I met her new boyfriend this passed weekend, at her birthday dinner. The dude was a creep – twelve years older than her, and kept sitting like he was trying to invoke James Dean, but he just came across as a creepy douche bag. Being what I am, and what I know I am pretty adept about identifying tattoos. I know gang affiliations and what jailhouse tattoos mean. My friend’s boyfriend had a scraggly jailhouse looking tattoo of a Confederate Flag on his forearm. He wasn’t trying to hide it, but I saw it immediately. I had some crude inscription above it. For the sake of my friend’s Birthday, I decided to say nothing that night.

The next night another friend and I met Birthday girl and her boyfriend at a house party. They had been drinking quite a bit, and so had the friend I accompanied, who started making conversation, and then asked the boyfriend about his tattoo. He got really uneasy, agitated and uncomfortable – almost defensive. I then blurted out, “That’s some racist-assed shit right there.” By this point I got a better look at his tattoo inscription. It had his name, and a number. Had to be KKK or some shit. He got even more defensive and began yelling. I began yelling back. I told him, “lets settle this outside! All tell you what, I’m gonna go take a leak, and when I get back, we’re gonna settle this!” I wasn’t gonna throw down with this huge urge to piss the whole time. How good could one feel about cleaning someone’s clock while wetting one’s own pants?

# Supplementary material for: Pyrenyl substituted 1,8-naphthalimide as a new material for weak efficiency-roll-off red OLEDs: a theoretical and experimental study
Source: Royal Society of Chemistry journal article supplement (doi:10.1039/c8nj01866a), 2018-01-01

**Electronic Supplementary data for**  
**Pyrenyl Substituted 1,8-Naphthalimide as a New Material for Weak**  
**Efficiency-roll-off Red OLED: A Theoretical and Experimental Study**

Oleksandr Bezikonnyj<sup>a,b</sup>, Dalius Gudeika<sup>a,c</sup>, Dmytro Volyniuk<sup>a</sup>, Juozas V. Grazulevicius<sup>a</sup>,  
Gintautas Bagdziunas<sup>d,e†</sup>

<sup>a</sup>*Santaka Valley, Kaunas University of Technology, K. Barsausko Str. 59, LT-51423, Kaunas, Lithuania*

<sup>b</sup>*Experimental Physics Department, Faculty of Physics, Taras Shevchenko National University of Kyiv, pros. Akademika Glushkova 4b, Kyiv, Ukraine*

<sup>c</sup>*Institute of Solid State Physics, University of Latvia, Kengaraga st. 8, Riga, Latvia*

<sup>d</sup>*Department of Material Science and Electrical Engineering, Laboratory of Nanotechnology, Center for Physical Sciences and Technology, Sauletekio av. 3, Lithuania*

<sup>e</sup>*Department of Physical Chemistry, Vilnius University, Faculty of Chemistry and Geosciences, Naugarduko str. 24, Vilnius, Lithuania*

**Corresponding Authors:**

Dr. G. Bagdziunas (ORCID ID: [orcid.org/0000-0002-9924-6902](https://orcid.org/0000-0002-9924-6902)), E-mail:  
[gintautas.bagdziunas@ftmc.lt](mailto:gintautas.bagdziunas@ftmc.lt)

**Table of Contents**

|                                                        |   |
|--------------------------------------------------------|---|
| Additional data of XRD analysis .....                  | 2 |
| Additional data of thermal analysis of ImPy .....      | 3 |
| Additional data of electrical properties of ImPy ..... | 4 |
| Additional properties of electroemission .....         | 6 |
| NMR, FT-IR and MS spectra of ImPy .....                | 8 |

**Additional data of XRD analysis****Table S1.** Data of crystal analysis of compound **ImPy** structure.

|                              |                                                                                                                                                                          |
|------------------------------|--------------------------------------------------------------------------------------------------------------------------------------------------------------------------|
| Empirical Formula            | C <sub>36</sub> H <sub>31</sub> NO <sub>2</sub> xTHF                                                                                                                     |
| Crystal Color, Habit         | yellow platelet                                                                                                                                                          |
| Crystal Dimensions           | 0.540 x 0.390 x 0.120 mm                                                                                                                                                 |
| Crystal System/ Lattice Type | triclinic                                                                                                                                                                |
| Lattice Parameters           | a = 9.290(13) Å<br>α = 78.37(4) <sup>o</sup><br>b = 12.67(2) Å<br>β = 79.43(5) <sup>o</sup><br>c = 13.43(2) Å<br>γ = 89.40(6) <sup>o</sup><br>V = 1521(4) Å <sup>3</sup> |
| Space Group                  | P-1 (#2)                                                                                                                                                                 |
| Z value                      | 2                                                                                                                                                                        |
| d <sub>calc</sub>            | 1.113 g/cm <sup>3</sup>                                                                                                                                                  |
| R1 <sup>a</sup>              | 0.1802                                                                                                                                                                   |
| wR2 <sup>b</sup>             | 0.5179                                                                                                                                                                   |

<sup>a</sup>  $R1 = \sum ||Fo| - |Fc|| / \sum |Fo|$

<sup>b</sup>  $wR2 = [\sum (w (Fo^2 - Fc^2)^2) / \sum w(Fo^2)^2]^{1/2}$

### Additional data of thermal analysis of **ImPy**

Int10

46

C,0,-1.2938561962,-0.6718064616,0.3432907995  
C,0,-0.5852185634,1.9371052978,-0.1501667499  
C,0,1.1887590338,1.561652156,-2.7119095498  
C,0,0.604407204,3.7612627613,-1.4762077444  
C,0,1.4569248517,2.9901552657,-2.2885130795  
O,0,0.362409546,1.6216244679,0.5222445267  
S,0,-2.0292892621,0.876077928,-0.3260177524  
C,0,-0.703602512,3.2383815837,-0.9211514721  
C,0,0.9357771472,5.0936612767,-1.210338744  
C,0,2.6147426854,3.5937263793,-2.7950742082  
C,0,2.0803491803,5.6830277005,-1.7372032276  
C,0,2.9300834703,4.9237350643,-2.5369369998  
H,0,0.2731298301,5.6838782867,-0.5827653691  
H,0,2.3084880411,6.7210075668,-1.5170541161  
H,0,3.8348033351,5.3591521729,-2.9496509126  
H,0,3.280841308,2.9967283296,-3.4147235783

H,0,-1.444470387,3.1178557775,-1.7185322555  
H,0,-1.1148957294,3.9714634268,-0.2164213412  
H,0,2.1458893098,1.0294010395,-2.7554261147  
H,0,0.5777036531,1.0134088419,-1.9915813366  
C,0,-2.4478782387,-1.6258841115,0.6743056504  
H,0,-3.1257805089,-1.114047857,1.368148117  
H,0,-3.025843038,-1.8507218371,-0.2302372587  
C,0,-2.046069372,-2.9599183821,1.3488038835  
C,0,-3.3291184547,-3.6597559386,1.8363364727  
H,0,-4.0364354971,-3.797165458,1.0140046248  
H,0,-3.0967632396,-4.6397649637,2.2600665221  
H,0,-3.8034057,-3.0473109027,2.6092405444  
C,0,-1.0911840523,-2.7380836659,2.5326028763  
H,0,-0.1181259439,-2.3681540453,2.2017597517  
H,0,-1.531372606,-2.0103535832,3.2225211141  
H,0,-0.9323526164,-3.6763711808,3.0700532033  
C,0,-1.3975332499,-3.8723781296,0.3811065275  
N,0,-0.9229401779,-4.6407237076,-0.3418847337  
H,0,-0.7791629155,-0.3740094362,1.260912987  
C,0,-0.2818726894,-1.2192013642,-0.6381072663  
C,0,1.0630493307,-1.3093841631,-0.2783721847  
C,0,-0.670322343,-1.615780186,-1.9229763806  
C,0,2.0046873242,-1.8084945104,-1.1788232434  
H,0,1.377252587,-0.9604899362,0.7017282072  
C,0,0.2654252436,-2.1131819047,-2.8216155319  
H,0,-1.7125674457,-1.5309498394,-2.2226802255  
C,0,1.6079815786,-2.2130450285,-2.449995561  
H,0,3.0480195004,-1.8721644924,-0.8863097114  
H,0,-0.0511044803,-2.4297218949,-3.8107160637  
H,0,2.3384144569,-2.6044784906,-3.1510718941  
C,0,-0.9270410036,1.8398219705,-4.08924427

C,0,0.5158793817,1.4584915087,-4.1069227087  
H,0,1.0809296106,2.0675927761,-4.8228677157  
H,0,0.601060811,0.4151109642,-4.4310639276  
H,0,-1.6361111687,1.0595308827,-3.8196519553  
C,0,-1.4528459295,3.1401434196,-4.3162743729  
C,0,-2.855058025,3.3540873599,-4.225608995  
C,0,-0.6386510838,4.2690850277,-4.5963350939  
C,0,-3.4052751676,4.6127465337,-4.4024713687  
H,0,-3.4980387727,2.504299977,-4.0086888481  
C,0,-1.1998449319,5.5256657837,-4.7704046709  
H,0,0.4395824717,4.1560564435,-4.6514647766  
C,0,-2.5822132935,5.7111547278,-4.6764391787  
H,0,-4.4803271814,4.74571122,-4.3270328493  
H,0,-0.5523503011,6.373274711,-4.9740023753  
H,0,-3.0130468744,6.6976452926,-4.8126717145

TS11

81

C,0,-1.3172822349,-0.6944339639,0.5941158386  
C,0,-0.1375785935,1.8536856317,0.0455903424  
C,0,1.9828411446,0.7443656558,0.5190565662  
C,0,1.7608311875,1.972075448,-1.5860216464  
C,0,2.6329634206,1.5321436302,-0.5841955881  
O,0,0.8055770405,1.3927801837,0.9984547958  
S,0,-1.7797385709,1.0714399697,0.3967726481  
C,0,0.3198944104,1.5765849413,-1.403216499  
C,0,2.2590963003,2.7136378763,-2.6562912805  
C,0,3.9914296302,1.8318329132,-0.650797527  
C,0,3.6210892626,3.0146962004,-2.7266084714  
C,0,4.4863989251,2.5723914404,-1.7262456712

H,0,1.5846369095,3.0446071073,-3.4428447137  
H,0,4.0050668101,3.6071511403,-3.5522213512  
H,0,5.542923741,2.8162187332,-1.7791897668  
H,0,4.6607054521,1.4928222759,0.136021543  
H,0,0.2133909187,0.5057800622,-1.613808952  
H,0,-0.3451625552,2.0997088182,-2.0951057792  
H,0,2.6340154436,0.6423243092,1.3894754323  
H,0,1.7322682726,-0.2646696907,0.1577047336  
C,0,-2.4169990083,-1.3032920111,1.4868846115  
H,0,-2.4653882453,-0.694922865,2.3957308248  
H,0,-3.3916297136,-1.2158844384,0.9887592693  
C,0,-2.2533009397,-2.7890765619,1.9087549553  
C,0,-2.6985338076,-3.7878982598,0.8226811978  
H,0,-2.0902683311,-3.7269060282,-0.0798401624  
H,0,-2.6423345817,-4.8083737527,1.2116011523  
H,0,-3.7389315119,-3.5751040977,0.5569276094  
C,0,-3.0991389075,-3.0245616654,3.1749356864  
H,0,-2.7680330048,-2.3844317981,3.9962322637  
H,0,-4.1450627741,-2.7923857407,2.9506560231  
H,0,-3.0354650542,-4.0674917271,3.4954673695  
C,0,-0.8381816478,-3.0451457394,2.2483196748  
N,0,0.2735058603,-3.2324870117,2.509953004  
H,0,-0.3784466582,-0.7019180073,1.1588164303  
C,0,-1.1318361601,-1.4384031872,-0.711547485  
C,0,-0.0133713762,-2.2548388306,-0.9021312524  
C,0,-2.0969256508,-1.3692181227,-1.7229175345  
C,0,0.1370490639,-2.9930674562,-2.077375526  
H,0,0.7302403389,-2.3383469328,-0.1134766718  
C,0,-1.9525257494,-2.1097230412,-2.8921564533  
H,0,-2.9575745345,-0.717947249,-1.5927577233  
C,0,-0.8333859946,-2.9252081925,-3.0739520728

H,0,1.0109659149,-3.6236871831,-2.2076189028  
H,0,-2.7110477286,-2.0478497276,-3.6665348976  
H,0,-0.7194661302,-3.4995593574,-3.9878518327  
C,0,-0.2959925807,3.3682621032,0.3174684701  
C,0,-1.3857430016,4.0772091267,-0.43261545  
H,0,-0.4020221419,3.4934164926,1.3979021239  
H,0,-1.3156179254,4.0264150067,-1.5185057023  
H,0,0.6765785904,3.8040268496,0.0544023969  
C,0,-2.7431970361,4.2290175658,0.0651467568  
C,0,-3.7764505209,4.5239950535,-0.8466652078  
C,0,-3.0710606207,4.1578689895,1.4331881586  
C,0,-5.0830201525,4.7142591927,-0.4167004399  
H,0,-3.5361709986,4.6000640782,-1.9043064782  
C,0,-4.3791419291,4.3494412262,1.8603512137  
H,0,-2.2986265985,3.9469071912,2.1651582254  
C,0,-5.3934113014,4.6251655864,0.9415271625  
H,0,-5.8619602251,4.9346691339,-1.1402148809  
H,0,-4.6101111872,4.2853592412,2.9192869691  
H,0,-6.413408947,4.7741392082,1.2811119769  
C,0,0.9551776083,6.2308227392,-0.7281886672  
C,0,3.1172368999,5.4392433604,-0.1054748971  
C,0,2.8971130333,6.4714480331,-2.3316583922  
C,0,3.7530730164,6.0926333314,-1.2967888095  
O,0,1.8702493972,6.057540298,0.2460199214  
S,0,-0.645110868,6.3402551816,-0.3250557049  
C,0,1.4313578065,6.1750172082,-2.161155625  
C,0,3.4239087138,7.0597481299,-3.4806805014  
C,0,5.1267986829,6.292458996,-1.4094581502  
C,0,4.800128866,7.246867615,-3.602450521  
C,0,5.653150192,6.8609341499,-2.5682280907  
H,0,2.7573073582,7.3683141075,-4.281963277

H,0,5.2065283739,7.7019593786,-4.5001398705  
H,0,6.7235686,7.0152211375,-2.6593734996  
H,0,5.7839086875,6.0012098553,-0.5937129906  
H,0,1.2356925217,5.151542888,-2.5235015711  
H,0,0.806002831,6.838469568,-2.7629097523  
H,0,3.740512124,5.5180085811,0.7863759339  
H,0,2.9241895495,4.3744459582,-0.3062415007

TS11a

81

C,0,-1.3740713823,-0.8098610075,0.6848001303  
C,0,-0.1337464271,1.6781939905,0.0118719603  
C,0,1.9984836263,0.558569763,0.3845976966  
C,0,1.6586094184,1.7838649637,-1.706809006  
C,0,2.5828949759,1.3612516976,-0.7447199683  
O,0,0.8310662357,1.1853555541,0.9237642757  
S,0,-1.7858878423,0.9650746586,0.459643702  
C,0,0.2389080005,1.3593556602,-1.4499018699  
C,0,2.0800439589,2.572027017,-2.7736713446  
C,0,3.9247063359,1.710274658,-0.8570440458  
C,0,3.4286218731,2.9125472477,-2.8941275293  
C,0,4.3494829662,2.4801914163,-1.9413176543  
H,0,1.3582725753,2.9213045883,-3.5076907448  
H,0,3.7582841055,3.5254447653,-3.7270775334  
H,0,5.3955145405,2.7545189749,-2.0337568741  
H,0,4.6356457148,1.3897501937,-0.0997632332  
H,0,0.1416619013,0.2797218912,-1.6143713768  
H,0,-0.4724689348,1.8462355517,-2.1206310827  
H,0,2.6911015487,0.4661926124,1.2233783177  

I got up and took the fastest leak I’d ever taken. When I got back, he and my friend were gone. Worse yet, they left her car behind, along with her cellphone. The rest of us were worried sick about her. He was a creep, and from his reaction we worried he’d pull some sick stuff on my friend. We waited all night, and she never returned. I was fixing to call her dad the next morning when I got a scathing, nasty text message from her accusing me of ruining her Birthday weekend. I couldn’t believe it. I couldn’t believe I was worried about her.

Sadly, her and I are no longer friends. Nor should we be. I DON’T associate myself with “Confederate Apologists,” or people who downplay what the “Stars and Bars” mean. My former friend is a very dark complected, plump little girl with kinky hair, and there ain’t no chance in hell she’d be treated in the South with the same acceptance she gets in New Mexico.

 

As a Brown Beret I would be neglectful of my duties if I didn’t confront racism toe-to-toe. So many minorities (Chicanos in particular) in New Mexico have adopted this belief that they can get along fine with their bigoted, tongue-in-cheek racist counterparts if they simply turn a blind eye to the realities of racism. That is a sad and cowardly stance. And though I know that if I choose to “ignore” these little symbols of racism I too could be accepted among these types of people. But I would NEVER do that. I am forever congruent and in alignment with this cause to combat and confront racism, and to stomp it out wherever it exists around me.

 

Ricky Gonzales,

Brown Beret